Allegations that contracts between the NSW government and the owners of its largest ports were anti-competitive and illegal have been thrown out of court.
The competition watchdog had alleged the agreements made it uneconomical for the Port of Newcastle to handle shipping containers.
Federal Court Justice Jayne Jagot on Tuesday dismissed the Australian Competition and Consumer Commission’s case against the owner of Sydney’s Port Botany.
Her reasons for judgment will be released at a later date once parties redact confidential information.
The decision vindicates the Liberal-National state government, which privatised both ports for a combined $6.85 billion after coming to power in 2011.
A report commissioned by Port of Newcastle in 2018 suggested NSW’s gross state product would increase by $6 billion through to 2050 if it was allowed to develop a large-scale container terminal.
Over half of that would come from lower freight costs, the analysis by economic consultancy AlphaBeta found.
But a later report, commissioned by Port Botany’s owner NSW Ports, found Port Kembla in Wollongong would be the most viable candidate for a second container terminal given it was closer to Sydney’s booming west.
The 50-year agreements required NSW to compensate NSW Ports should Newcastle develop a container port and divert traffic from Port Botany.
But NSW wouldn’t be out of pocket, with a second deal requiring Newcastle to recompensate the state.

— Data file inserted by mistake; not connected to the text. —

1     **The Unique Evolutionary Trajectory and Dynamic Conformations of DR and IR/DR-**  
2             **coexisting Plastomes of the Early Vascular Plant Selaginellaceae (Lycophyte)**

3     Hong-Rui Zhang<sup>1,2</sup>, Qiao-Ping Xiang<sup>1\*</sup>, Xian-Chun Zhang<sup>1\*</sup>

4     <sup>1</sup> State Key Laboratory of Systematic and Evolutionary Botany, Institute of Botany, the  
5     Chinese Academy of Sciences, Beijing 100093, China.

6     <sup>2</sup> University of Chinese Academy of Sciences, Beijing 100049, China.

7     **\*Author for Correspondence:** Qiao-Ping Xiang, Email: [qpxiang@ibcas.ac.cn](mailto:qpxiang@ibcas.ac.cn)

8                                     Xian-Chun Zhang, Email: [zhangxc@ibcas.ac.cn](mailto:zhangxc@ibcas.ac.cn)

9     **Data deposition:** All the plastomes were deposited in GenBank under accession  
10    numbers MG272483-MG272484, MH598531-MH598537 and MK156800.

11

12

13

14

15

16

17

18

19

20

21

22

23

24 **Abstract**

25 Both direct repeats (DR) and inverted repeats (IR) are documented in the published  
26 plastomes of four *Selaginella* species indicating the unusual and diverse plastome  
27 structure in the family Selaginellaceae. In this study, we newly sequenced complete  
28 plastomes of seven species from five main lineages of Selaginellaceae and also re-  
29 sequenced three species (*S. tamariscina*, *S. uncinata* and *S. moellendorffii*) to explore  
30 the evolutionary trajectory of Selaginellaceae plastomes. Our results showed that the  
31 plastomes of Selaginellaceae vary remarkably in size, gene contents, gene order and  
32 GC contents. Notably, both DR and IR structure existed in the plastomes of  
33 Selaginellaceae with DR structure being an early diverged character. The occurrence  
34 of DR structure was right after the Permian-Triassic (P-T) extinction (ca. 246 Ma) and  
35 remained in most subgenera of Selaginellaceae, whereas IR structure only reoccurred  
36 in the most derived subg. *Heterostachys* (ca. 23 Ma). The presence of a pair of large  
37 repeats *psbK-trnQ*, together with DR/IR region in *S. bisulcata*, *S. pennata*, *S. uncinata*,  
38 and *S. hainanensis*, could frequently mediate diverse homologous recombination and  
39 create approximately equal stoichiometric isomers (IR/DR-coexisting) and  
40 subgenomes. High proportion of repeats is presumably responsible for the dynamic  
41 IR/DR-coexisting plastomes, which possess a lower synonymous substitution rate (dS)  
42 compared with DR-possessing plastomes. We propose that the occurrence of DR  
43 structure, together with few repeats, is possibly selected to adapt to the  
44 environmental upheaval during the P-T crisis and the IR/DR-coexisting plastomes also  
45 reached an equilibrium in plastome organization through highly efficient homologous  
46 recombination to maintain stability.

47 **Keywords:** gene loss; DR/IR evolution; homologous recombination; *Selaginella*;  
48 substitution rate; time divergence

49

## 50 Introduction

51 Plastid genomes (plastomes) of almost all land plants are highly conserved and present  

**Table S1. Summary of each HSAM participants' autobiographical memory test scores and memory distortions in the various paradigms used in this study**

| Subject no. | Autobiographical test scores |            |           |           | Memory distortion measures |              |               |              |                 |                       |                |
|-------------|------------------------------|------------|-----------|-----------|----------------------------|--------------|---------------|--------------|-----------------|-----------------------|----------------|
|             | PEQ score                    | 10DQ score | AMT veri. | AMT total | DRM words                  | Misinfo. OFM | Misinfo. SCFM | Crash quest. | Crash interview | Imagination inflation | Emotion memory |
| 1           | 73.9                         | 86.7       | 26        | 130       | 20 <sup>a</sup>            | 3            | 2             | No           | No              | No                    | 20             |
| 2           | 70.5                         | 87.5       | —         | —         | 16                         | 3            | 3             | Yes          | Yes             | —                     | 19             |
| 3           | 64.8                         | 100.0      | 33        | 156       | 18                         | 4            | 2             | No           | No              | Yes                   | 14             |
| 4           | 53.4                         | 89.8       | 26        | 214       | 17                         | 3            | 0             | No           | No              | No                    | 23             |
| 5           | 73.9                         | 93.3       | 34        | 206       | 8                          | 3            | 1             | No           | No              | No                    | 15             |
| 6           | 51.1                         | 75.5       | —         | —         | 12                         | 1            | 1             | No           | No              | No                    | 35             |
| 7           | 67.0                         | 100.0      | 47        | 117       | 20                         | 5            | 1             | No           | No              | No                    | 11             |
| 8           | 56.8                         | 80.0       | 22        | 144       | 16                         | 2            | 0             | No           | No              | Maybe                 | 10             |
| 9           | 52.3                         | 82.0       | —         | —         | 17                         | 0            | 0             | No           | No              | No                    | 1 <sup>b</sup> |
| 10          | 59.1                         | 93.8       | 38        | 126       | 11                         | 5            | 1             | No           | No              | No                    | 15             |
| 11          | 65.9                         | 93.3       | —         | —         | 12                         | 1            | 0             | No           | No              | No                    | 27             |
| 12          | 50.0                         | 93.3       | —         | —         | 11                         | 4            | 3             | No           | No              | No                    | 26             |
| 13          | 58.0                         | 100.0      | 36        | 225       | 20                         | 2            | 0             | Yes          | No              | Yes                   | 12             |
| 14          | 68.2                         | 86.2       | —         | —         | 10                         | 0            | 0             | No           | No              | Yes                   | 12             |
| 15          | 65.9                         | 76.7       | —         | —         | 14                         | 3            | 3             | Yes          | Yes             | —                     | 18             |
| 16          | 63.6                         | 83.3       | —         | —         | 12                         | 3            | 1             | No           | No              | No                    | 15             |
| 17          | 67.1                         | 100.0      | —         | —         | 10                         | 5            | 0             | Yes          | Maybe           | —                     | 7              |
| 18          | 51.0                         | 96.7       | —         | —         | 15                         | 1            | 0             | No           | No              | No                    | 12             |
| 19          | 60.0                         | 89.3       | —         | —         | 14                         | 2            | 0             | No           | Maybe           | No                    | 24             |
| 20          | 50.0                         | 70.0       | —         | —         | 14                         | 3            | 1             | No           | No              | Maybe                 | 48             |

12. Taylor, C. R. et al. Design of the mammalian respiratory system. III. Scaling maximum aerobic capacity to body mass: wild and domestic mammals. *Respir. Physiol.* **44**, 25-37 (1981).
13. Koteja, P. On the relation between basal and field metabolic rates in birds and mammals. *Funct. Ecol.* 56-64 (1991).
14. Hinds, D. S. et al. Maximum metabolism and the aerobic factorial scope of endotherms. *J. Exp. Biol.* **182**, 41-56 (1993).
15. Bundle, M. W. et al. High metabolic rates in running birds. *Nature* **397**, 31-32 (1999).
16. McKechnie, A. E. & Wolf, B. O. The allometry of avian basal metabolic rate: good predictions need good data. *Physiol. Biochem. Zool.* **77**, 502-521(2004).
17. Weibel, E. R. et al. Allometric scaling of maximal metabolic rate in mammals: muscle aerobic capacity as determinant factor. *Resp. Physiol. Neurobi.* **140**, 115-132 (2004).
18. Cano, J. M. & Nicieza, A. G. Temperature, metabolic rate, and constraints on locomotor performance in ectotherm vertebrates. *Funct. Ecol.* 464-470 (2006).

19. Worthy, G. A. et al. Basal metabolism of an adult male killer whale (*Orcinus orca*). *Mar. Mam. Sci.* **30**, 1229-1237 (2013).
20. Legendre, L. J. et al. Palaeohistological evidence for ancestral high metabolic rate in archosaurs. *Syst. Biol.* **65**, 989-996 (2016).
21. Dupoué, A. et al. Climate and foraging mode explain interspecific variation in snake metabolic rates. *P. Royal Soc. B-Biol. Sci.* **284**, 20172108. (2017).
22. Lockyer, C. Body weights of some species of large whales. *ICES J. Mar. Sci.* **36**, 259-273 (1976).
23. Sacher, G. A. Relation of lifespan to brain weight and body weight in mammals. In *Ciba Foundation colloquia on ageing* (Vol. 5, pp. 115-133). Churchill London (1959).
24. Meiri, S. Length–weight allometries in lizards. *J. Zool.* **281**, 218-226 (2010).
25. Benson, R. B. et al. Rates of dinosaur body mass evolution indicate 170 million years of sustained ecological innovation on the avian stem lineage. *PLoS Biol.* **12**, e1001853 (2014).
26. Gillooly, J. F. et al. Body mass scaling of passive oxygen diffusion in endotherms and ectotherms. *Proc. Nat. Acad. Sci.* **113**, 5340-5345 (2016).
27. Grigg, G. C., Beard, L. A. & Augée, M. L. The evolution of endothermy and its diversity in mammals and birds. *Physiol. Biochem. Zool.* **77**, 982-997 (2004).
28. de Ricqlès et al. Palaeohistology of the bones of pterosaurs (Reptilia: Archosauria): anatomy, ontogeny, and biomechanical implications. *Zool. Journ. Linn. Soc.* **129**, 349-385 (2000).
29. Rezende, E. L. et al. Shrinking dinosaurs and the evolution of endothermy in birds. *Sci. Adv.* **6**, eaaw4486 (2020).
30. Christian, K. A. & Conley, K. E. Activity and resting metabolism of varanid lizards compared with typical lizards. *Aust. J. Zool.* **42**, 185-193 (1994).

The conditions of sale and levy were kept secret from the public and the parliament, an upper house committee found in 2019.
Port of Newcastle is the world’s largest coal export port and the country’s third-largest port by volume.
But it handles few containers, lacking the specialist equipment that allows Port Botany to handle 2.7 million standard container units each year.
The compensation clauses kicked in once Newcastle exceeded a cap of about 30,000 units annually.
The amount of compensation effectively prevents or hinders any new owner of the Port of Newcastle from developing a container terminal, the ACCC alleged.
But NSW Ports denied the watchdog’s key allegations, including those concerning the purpose and effect of the agreements.
It also filed a cross-claim against the Port of Newcastle owners and the state government.
That case argued that the court would have to find the Port of Newcastle recommendation deal anti-competitive if such a finding was made about the NSW Ports deal.
That claim was dismissed.
NSW Ports is owned by an investor consortium comprising industry superannuation funds including Australian Super, CBUS, HESTA, HostPlus and Q Super.
Port of Newcastle is owned by Hastings Funds Management and China Merchants.
NSW wasn’t sued by the ACCC, which argued the state government wasn’t “carrying on a business” when leasing the ports.